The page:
And so, what I would do is I would go through the process of all my responsibilities of a waiter. And I would notice at what point do I get all the anxiety? At what point are we like, “Oh, I hate this part?”—because we all have those thoughts. And then how can I be better or more efficient? How can I solve that problem? Because that was the same problem my competition was having, and they probably weren’t being as purposeful at solving it.

Pete Mockaitis
Oh, certainly. Well, that’s really cool how the anxiety serves as an emotional indicator for what’s happening in sort of a business process flow logistics context as a bottleneck. It’s just like, this thing is slowing it down and you’re feeling the anxiety when you’re in the midst of the slow down.

And so, by really focusing with great, I guess precision on, alright, memorize the price, alright, salad dance, let’s just flash this in half and half again and again. That’s really cool and has applications to all kinds of jobs, like this process seems to be taking a stupid amount of time, let me really go after how I can accelerate it.

David Greene
That’s exactly right and I’ve used that same strategy or technique or whatever you want to call it in every job I’ve had. Like right now I’m a real estate agent. And there are steps to every single transaction that happen and some of those I do really well and some of those I don’t do well or I feel that same level of “oh, I hate this part.”

This is always where I mess it up, right. I’m gonna have to call the client and tell them this and they’re going to give me attitude and my natural response is to be cold and apathetic because I don’t like when I get attitude, right. I’m not going to do well here.

Most of us ignore that feeling of anxiety and we just say like, we either ignore the tasks that would require it or we have half-butt it to get through there because we don’t like it. What I did as a real estate agent was I said, “Okay, this is not my favorite part. How do I get somebody else and train them to do that for me, that does love doing it?”, right.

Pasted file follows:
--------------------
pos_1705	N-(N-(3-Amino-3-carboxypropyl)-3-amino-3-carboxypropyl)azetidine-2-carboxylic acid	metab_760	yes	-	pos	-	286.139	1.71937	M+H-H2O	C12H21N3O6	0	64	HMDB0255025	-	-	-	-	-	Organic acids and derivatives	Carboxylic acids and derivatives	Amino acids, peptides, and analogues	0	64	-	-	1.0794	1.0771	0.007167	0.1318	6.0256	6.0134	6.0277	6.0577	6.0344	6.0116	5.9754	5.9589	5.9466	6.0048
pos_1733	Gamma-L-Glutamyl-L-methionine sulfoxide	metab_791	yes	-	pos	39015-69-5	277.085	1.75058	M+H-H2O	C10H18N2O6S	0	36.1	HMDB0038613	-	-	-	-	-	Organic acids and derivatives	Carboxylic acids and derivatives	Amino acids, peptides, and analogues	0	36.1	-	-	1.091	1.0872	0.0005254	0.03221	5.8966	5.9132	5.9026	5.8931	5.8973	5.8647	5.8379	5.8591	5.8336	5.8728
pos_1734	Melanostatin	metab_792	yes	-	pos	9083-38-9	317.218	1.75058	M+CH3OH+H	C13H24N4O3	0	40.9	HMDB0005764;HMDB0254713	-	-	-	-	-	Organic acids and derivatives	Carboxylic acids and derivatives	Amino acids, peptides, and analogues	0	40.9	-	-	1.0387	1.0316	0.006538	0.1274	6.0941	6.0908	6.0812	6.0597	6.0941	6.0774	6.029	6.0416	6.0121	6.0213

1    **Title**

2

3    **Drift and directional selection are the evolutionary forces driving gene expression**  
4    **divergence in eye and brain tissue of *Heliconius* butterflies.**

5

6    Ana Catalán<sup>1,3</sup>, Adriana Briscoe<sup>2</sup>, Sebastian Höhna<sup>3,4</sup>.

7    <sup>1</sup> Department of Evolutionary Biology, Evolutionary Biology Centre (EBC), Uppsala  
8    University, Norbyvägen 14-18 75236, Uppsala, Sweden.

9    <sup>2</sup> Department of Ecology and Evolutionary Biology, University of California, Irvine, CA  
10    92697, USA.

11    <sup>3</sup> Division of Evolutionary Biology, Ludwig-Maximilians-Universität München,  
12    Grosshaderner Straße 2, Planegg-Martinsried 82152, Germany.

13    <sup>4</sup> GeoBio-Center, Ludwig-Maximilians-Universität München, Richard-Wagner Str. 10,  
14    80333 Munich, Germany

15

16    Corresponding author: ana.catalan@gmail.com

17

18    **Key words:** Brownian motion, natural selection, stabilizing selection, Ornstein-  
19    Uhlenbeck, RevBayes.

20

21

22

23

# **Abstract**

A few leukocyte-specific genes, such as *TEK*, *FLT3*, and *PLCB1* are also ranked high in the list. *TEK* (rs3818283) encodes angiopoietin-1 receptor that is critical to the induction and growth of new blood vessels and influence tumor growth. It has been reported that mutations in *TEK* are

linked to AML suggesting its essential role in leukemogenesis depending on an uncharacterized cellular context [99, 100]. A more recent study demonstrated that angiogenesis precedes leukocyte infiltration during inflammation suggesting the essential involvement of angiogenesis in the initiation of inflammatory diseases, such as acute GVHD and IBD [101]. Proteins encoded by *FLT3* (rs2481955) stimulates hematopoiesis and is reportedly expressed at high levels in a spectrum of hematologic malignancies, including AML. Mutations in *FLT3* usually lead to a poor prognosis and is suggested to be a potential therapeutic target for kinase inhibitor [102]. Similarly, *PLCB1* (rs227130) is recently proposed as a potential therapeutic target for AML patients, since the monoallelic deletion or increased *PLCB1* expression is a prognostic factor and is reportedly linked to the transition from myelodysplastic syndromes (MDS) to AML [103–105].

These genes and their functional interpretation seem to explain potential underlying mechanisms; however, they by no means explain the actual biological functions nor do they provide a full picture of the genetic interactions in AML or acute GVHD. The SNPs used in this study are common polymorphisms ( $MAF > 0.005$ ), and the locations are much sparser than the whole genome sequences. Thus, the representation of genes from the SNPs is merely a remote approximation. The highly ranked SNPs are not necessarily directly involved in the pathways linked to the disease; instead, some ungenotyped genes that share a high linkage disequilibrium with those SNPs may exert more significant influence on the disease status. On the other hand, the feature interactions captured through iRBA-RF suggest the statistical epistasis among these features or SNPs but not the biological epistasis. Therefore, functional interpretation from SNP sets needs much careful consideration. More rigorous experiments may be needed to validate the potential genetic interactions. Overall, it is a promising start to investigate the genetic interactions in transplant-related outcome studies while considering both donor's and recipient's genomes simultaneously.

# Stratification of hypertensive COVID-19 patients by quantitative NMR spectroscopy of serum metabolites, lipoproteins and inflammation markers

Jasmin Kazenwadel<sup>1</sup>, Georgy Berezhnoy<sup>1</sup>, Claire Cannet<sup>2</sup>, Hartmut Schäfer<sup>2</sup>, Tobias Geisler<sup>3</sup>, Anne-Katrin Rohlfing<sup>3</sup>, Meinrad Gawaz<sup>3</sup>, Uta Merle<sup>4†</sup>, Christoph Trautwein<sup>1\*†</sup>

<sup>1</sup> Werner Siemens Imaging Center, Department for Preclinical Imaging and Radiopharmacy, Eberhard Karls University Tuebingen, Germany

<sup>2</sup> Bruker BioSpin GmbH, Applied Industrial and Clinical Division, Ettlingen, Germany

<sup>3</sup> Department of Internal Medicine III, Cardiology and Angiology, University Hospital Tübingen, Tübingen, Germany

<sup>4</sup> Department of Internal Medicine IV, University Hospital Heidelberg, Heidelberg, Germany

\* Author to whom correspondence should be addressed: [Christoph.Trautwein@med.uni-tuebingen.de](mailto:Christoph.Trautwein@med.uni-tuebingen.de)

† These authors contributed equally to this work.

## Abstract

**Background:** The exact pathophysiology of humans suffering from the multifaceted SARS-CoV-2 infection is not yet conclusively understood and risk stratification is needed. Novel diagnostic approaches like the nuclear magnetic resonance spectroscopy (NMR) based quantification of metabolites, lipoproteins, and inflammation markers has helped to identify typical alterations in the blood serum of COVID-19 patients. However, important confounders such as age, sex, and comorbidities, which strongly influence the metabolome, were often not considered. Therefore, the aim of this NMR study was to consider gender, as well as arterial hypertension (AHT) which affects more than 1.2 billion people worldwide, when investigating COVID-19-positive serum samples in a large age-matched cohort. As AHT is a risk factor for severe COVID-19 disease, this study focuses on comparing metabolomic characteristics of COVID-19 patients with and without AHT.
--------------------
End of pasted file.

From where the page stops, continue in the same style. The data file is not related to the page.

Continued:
Now the anxiety is gone and I’m focusing on the parts I like and I’m doing better. I ended up working at a different restaurant after this when I had reconstructive ankle surgery from a basketball injury. And when I came back, I said, what could I do to make more money, I can only take so many tables at a certain point, there’s diminishing returns, you can’t take more.

And I realized I better go work in a more expensive restaurant. So, I found a more expensive restaurant that was much further away. But it was like twice or three times as expensive as the steakhouse I had been working at. And that was my first foray into seeing like, different businesses are structured and use different models. And you have to take these skills I’m talking about and apply them in new ways in different places that you go.

Pete Mockaitis
Absolutely, and that’s good stuff. Well, maybe when we get a couple more examples of you and noticing opportunities and how you’re making it happen. You pulled off a pretty neat stunt in terms of getting way, way, way cheaper rent in California. How did this come about?

David Greene
As far as where I was living?

Pete Mockaitis
That’s right.

David Greene
Yeah, so what I did was I was— man, how did this start? I moved to the Bay Area in California to become a deputy sheriff and go to the police academy. And I was paying a fee to live in a house with a bunch of strangers from Craigslist. So, it was only like $650 a month, which is pretty good rent but I hated it. I mean I absolutely hated living with these mutants that I was having to spend my time with—

Pete Mockaitis
One of them is listening, these mutants.

David Greene
Yeah, I doubt they even know what a podcast is, Pete. These were people, who were very negative, very problematic, complained about everything. It was really rough. And I knew if I wanted to go get like an apartment, rent was around $2000/$2500 a month, and I could have paid it but I just didn’t want to.

So, I heard all the guys at work talking about one deputy who said that he had just bought a house. And they said, “Yeah, he got this big old huge house, it’s just him, his wife doesn’t even live with them right now, she’s overseas working. Why did he buy it?” And they were all kind of laughing at him. And they brought me into the conversation to mock him also because they knew I was like a real estate guy.

And I didn’t think I should mock him, I was like, “What’s he gonna do with all that space? Why did he buy it?” Right. So, I went to talk to Vaughn and I asked Vaughn like, why he did it. He’s like, “You know what, I just always wanted a big house man. I grew up in a small poor area.” He grew up in East LA, was very rough.

He said, “I’ve always wanted a big house. I knew it was bigger than I needed but I didn’t care. I feel great having it.” And I was like, “Well, do you want to make another $300 a month?” He said, “Yeah.” I said, “Let me move in.” He goes, “Okay”.

Pete Mockaitis
Here we go.

David Greene
We’ve got like five bedrooms, I’m not using.
And that’s what the number I threw out, right. Like, I could have said $200, he probably would have went with that. So, I didn’t say, “Hey, can I rent a room?” And he said, “Sure.” And then how much and now we’re negotiating the price. I structured that differently, right.